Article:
Tuesday night at 6:30. That might could work. Wednesday at 8 A.M.? Out of the question. Oh, Thursday night at 7. That’s perfect.
As I picked up the pen and went to scrawl my name on the small group sign-up list, I saw the header on the top of the page: “Small Group for Married Couples.” I scanned the other sheets: Small Group for Engaged Couples. Small Group for Parents of Young Kids. Small Group for Empty Nesters.
That’s okay, I thought, I’m used to being the outlier. Resolved to attend regardless of the intended audience, I then saw my pastor walking over. “Oh, Pastor! Perfect. I was trying to figure out which small group to sign up for, but I can’t find one for young adults or even singles,” I said, giving him my most pointed stare.
My frustration over my church’s lack of intentional ministry toward single people had been growing; ironically, it was one of the reasons I felt led to stay at this particular church—there was no young adult ministry to speak of, and I knew that I could help launch one.
“These groups aren’t meant for you,” he said with a smile. “It seems like the perfect time to try and launch a group for singles though, doesn’t it?”
Starting a Group from Scratch
This is how I found myself stuck yet again. My well-intentioned pastor didn’t mean to offend me with his comments—he was just being honest. Those groups aren’t meant for single people, and the discussions they’d be having would probably center on concerns that I don’t share. But it now seemed like my only options were either to knowingly enter a group as the outsider, feeling even more conspicuous as I settle into a weekly rhythm as the ninth or eleventh wheel, or to start a group of my own, which wouldn’t be an easy task with only a handful of other people who linger in that no-man’s land nestled between graduating college and starting a family.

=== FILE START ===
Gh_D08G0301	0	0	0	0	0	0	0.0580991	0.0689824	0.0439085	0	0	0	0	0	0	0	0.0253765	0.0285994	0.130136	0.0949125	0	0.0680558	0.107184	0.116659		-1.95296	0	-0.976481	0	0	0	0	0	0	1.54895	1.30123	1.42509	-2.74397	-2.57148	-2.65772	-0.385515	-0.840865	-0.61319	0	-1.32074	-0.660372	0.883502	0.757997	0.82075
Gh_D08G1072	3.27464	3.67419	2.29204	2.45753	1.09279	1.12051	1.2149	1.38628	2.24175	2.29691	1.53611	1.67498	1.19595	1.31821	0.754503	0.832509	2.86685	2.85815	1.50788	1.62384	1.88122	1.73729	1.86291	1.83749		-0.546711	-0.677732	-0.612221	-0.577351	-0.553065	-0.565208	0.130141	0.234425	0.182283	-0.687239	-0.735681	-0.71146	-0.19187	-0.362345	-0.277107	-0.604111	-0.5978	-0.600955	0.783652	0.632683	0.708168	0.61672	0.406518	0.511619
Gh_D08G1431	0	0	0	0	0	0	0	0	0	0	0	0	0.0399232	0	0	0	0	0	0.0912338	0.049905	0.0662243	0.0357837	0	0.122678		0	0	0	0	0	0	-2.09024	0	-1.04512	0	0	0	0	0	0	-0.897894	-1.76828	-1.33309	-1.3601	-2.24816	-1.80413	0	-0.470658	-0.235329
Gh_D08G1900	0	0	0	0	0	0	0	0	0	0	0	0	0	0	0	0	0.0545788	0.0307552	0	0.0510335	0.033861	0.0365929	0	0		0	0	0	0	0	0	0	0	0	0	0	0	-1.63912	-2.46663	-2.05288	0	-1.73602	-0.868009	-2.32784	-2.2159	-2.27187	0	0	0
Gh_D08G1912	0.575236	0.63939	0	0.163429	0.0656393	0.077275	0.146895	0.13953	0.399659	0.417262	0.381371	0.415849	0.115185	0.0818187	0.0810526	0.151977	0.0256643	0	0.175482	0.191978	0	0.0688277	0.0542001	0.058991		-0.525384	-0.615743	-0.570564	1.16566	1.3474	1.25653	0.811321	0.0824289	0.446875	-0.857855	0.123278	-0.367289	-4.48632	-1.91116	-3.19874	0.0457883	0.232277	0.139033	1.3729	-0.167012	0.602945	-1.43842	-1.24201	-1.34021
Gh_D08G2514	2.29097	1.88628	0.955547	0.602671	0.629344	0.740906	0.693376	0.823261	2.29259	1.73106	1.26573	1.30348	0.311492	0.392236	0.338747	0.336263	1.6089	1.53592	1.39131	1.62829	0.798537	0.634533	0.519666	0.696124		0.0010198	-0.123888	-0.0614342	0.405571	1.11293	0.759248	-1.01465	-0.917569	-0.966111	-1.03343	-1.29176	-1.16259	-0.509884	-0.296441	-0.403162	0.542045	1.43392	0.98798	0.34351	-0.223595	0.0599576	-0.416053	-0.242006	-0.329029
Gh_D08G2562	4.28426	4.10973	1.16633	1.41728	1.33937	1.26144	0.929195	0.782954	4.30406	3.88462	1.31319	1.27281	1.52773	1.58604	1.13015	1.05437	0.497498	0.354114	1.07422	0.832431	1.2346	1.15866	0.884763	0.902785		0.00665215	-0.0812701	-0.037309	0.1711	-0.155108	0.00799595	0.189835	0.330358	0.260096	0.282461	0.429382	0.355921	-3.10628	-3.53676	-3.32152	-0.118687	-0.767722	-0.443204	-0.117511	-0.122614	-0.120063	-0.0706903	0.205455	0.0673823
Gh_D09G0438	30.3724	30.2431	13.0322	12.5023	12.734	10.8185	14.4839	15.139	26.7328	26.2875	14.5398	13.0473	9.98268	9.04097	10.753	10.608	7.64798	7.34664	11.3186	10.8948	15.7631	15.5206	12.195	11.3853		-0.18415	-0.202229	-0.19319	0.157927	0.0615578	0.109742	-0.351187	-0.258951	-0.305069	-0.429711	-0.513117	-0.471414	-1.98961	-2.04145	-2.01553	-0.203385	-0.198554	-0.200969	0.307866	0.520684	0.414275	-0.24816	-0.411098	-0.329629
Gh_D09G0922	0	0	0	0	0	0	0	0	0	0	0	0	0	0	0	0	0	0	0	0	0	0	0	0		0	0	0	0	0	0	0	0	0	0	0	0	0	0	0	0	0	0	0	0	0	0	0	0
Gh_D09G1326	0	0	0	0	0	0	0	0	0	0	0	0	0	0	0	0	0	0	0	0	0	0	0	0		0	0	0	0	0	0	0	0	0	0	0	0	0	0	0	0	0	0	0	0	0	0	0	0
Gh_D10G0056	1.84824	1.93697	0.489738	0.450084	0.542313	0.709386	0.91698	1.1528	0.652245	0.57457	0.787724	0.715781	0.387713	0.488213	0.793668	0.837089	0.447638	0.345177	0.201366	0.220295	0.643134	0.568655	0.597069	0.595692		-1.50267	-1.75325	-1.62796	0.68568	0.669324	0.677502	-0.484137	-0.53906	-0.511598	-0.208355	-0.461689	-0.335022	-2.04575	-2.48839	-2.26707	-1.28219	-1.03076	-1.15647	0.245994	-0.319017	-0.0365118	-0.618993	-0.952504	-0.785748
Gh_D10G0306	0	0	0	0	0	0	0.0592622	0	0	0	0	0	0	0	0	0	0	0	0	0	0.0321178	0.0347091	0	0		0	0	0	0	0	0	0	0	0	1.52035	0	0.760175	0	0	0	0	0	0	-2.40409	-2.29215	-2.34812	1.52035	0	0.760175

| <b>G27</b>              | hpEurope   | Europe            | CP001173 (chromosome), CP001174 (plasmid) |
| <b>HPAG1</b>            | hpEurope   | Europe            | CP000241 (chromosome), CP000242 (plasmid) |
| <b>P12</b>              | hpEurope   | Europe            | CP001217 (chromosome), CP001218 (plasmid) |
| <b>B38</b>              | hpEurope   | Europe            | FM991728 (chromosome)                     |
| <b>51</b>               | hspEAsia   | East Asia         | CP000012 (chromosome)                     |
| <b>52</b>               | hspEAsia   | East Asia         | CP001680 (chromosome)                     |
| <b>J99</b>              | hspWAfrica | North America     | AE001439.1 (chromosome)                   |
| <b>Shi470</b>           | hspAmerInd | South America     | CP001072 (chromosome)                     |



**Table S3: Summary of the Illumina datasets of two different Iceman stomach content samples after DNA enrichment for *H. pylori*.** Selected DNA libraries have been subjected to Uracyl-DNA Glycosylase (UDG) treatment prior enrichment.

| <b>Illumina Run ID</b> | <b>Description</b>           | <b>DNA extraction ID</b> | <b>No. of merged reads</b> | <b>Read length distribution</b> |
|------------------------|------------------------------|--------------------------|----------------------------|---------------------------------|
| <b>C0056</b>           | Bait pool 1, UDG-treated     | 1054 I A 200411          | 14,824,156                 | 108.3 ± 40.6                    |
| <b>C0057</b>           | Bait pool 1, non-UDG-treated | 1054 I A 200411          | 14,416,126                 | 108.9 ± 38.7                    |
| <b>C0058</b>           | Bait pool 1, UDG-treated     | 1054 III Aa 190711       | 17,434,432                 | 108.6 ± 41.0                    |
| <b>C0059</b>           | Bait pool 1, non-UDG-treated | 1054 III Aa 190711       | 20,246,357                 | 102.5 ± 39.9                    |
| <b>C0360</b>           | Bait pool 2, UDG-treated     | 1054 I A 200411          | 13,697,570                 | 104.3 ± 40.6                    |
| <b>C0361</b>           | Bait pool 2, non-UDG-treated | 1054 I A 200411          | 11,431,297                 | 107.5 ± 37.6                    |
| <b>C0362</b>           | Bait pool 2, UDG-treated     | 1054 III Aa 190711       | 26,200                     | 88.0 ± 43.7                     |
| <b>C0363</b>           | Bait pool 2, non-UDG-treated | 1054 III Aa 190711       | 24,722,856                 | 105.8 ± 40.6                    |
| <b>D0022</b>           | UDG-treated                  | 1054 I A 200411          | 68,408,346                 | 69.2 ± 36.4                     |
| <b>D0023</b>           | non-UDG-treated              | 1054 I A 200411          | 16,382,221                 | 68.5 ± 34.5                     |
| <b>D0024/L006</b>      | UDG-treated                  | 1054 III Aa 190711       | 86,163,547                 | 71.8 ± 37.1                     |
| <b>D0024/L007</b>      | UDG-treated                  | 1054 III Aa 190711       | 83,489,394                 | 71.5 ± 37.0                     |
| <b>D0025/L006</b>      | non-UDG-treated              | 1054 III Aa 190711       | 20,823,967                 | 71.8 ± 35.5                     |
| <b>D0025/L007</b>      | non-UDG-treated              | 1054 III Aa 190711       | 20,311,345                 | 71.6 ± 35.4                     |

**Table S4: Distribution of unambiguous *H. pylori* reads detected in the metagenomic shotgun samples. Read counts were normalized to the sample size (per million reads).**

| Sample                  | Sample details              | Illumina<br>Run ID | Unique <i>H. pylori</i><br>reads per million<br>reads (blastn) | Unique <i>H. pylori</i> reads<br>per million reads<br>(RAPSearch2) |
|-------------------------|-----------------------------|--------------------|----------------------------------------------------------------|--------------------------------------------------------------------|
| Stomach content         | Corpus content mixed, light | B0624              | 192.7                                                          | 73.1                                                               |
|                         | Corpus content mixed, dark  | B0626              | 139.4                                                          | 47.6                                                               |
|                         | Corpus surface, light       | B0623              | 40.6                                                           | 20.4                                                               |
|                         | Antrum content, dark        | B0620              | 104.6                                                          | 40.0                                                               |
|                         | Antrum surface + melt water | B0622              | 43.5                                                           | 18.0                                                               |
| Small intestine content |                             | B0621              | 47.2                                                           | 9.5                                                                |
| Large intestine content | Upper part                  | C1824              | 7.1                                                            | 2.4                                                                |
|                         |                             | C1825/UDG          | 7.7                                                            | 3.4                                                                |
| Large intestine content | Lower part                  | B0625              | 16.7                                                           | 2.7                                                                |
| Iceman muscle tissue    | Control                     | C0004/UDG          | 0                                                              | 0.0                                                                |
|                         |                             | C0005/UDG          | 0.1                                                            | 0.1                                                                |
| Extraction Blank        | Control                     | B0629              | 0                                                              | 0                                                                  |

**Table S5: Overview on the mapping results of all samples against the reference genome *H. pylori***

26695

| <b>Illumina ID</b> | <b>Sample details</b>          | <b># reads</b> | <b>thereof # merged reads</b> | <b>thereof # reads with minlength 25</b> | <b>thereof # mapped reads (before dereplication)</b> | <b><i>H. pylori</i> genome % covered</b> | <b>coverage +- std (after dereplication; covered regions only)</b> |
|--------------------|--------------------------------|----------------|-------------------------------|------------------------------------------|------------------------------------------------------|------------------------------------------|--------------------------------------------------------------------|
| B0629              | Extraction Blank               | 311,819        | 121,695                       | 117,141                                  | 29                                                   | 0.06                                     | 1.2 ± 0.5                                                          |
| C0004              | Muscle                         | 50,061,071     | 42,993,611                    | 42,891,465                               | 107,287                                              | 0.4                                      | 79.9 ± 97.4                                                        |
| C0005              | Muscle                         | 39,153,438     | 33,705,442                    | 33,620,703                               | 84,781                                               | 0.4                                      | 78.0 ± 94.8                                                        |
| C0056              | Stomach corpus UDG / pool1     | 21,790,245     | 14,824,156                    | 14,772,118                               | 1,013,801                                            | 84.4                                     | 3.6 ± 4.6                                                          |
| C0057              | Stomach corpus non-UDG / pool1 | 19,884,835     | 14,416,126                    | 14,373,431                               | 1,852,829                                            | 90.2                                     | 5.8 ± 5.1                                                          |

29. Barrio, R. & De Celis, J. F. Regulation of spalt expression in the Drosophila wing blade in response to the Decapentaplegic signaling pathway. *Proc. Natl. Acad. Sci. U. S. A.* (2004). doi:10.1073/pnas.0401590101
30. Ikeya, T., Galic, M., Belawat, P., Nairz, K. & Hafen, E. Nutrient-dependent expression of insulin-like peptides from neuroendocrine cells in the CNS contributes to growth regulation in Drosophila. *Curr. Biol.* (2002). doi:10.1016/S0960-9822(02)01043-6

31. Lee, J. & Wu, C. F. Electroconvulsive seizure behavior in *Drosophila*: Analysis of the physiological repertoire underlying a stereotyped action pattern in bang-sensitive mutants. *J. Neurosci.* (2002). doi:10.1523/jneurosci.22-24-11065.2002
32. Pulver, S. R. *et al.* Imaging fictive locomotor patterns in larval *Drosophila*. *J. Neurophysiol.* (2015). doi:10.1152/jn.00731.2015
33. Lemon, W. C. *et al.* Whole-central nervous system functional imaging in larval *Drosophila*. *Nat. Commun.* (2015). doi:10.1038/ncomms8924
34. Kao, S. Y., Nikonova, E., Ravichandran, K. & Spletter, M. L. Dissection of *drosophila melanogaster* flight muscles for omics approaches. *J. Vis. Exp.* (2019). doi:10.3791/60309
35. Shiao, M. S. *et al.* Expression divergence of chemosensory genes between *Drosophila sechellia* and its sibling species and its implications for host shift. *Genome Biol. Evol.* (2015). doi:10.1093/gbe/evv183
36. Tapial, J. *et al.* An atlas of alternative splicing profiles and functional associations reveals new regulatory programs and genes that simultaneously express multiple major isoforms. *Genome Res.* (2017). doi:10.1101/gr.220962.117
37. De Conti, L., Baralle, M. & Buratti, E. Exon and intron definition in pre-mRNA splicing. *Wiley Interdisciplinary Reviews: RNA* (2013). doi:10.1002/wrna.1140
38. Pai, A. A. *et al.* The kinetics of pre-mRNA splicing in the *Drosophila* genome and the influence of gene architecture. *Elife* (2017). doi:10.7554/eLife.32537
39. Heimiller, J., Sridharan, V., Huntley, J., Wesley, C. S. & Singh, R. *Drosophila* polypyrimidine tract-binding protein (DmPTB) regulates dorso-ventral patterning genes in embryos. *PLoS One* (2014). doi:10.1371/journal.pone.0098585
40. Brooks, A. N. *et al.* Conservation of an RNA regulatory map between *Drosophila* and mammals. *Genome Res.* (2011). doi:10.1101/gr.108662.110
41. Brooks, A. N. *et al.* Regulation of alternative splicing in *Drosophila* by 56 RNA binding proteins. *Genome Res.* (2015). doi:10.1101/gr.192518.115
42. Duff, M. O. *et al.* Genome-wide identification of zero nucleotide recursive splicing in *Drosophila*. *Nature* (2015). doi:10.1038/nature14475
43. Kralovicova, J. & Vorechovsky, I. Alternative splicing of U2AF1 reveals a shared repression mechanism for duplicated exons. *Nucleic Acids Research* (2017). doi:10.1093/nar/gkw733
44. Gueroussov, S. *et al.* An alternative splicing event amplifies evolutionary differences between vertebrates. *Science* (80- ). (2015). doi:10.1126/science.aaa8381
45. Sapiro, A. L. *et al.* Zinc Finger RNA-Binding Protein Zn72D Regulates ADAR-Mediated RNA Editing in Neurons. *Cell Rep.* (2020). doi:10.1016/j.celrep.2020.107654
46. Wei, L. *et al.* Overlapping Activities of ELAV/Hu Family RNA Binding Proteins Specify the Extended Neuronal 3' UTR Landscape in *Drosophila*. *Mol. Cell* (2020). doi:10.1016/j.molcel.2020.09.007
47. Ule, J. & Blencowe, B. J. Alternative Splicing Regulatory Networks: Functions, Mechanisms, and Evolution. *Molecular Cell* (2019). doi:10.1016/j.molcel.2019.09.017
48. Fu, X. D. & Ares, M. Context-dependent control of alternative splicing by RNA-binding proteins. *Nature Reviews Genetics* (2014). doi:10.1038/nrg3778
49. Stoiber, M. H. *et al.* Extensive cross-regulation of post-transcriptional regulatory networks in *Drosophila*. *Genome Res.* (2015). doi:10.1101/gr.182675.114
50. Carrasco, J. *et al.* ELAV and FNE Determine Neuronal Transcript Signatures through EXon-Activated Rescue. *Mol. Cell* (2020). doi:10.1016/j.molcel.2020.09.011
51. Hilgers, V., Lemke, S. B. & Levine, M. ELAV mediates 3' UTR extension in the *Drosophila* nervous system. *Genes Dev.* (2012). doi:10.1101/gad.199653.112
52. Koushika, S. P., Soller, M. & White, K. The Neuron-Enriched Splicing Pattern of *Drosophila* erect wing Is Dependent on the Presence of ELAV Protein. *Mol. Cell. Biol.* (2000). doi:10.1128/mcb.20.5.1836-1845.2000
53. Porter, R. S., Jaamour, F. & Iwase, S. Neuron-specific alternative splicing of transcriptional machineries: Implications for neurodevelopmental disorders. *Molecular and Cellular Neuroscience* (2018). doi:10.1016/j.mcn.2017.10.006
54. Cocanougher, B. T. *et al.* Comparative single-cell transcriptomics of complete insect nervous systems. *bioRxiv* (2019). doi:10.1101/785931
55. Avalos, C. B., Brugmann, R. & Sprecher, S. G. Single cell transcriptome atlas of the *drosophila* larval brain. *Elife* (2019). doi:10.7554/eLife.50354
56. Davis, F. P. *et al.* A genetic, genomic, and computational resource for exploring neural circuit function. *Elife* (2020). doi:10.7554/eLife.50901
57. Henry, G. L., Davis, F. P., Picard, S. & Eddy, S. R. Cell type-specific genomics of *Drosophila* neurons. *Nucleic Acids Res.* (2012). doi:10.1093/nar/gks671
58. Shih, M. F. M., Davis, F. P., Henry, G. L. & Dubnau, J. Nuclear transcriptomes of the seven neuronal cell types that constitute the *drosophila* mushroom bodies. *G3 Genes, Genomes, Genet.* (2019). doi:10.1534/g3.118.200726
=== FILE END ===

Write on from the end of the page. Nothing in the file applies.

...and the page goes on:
I’ve always been resourceful (another way of saying ridiculously stubborn), so after this conversation I tried to rise to the challenge. I reached out to the four other people about my age who I thought might come. I also tried to get a list from the church secretary of people registered with the church who might be interested in a group like this. I begged the pastor to let me make an announcement on a Sunday morning, feeling that maybe seeing an actual young, single adult advertising the group might help draw people in, but my request was placated with a small announcement in the bottom corner of the bulletin. So I prayed hard for wisdom on how to conjure up a thriving singles small group from scratch.
Sadly, the group never took off. We met a few times with dwindling numbers each week, and eventually we quit altogether, blaming it on busy schedules and a lack of free weeknights. But the truth was abundantly clear: starting a small group is incredibly difficult, and starting one without much support, resources, or help from the church is pretty much doomed to fail.
The Single Experience
What’s sad to me is that my experience is far from unique. When I tell this tale to other single people, they share their own horror stories. One woman signed up for a small group with four sets of parents and belatedly realized they expected her to babysit the kids each week. Another friend shared her frustration of being in a small group that initially welcomed her but does little to cater the study or discussion to anything but practical marriage advice. Worse, the group was jokingly referred to as “Pairs and Spares,” a jab that hurt my friend’s feelings immensely.